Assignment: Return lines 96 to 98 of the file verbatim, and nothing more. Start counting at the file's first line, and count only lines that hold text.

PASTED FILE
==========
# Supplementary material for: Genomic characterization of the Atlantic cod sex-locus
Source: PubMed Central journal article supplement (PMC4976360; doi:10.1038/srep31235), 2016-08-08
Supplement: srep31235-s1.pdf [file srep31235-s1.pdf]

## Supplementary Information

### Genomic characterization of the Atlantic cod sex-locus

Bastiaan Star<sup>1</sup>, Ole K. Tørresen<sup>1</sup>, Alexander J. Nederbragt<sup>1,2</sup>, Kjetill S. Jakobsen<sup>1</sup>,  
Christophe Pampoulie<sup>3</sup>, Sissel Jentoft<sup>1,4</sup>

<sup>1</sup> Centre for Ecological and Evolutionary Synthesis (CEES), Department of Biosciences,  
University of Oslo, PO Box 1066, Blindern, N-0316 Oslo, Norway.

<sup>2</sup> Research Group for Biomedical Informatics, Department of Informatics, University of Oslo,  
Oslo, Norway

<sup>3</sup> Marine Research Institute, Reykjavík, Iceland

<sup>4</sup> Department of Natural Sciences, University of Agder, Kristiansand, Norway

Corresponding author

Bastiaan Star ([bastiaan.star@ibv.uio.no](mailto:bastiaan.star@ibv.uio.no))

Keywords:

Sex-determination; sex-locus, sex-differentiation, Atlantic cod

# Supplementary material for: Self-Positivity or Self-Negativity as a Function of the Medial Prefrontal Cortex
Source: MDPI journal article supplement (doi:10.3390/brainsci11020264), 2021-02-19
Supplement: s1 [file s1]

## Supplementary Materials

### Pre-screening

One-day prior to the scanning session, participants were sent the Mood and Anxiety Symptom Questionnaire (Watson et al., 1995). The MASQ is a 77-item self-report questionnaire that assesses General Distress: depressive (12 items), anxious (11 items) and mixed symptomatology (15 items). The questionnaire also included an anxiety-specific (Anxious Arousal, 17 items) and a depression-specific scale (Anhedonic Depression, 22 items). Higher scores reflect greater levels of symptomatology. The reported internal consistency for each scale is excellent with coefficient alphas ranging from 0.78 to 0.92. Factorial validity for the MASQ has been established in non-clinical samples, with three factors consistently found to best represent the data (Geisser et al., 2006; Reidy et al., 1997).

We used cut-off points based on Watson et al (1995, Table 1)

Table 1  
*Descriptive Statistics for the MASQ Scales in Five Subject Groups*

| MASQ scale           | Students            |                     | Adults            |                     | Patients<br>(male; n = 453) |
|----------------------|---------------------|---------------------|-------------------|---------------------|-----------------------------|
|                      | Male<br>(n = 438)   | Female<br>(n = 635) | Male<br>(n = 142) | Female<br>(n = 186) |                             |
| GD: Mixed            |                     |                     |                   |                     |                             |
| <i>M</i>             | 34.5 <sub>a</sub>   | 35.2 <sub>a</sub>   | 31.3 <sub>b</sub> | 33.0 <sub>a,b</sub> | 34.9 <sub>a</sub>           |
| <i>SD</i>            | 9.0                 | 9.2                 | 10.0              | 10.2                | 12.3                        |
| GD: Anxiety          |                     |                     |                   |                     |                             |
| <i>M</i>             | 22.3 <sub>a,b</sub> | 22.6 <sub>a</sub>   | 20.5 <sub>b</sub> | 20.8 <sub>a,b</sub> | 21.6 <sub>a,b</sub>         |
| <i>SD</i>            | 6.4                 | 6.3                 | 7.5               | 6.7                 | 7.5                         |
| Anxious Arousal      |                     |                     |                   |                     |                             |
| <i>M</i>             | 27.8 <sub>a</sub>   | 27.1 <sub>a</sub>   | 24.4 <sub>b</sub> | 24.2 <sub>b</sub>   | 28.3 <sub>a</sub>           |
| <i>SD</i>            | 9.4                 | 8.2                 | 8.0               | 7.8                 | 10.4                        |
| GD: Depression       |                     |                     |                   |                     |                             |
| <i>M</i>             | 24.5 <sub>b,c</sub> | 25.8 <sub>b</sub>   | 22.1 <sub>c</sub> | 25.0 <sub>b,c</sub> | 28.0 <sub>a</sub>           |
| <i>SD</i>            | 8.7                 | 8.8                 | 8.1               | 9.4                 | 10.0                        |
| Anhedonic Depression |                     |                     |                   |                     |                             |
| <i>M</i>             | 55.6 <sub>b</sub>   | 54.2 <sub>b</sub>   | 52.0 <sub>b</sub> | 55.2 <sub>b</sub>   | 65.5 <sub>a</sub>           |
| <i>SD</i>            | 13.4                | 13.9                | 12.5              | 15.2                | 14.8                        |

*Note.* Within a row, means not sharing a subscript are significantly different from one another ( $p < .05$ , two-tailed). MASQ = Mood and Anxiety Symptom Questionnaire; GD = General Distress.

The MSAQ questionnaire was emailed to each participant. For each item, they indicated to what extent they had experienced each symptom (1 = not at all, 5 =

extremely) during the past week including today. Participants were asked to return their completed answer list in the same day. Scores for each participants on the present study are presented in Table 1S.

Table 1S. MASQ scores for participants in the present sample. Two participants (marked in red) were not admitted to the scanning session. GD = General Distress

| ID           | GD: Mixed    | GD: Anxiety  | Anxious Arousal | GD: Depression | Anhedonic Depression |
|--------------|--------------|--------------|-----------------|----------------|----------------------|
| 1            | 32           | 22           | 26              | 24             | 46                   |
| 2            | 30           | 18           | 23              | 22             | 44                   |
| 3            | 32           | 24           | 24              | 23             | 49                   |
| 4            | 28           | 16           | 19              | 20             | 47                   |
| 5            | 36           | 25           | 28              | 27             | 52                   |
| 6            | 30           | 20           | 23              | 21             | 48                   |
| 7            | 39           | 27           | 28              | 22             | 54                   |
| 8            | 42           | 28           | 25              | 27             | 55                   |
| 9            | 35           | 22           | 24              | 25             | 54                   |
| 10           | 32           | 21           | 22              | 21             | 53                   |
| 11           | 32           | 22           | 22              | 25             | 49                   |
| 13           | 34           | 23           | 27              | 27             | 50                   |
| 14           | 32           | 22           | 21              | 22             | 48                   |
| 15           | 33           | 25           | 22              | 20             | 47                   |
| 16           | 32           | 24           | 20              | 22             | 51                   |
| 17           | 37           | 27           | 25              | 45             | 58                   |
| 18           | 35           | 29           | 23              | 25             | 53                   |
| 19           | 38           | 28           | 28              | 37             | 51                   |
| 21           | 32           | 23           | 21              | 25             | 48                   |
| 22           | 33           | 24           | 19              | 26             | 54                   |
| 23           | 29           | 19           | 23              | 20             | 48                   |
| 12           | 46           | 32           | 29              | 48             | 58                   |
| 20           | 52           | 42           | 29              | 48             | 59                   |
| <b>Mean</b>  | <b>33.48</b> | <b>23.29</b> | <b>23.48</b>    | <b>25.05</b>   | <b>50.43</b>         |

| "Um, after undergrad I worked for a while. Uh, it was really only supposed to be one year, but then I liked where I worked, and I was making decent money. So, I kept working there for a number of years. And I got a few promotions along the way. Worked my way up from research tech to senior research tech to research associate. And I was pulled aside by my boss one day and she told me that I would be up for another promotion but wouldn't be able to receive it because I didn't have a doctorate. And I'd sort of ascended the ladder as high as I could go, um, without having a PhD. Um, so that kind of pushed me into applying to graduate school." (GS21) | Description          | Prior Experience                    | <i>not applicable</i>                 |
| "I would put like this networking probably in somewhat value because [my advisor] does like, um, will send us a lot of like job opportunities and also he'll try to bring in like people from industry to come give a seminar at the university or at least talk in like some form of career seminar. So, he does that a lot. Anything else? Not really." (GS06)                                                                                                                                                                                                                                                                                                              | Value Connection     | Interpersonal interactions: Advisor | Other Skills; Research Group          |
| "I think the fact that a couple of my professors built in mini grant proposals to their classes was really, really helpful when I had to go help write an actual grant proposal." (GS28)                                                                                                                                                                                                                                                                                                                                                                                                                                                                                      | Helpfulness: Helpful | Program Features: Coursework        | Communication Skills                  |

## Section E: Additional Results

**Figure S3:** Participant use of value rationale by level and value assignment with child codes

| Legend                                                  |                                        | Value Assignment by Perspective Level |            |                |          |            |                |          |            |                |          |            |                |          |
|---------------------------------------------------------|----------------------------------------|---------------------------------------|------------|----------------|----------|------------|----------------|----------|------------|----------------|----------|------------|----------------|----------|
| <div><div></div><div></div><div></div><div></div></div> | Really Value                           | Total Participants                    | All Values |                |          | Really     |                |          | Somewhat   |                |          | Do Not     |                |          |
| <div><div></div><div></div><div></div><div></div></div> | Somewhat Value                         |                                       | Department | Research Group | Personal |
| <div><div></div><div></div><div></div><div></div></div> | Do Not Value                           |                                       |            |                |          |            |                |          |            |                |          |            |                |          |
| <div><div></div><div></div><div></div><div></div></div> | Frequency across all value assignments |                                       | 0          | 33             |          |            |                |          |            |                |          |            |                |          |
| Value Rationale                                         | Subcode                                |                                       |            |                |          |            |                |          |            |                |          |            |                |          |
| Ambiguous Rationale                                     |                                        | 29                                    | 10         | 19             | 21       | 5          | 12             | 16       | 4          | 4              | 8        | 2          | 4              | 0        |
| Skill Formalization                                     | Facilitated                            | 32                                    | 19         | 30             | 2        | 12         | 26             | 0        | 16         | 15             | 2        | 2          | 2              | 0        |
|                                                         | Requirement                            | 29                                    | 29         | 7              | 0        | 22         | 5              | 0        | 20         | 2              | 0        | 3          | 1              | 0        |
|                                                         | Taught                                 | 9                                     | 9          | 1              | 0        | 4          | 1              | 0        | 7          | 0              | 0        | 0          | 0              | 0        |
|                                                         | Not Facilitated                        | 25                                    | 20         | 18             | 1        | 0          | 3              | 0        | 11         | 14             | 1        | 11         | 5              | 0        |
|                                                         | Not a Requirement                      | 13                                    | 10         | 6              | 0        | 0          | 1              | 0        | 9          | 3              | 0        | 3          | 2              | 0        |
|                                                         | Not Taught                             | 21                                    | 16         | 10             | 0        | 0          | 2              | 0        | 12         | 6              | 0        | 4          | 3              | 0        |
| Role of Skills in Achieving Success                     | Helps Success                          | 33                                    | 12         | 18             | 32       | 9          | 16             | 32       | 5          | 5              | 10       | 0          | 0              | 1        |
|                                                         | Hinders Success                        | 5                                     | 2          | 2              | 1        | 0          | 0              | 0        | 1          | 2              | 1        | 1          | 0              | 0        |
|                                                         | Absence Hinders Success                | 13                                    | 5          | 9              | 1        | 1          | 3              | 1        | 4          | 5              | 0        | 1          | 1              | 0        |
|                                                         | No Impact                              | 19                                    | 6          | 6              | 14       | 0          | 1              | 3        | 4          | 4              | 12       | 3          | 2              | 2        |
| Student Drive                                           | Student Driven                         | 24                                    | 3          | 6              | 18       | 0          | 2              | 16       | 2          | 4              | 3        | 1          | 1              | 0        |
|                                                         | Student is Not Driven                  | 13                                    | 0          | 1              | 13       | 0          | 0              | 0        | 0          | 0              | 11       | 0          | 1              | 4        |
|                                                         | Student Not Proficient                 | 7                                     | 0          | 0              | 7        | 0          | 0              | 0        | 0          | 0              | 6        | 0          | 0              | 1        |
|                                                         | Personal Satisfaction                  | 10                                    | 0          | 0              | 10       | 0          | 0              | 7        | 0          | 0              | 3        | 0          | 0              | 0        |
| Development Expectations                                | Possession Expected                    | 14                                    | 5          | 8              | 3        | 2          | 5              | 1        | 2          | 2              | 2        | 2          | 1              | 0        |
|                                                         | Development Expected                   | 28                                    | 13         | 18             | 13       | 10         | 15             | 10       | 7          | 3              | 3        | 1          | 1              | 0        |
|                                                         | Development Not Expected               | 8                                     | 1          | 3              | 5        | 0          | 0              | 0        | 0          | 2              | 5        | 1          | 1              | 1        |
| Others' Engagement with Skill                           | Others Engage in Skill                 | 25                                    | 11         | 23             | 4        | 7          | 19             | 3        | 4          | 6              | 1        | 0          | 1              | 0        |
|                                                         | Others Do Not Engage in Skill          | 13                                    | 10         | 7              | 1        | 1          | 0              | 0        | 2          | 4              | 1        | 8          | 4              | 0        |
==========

|                                                         | Absence Hinders Success                | 13                                    | 5          | 9              | 1        | 1          | 3              | 1        | 4          | 5              | 0        | 1          | 1              | 0        |
|                                                         | No Impact                              | 19                                    | 6          | 6              | 14       | 0          | 1              | 3        | 4          | 4              | 12       | 3          | 2              | 2        |
| Student Drive                                           | Student Driven                         | 24                                    | 3          | 6              | 18       | 0          | 2              | 16       | 2          | 4              | 3        | 1          | 1              | 0        |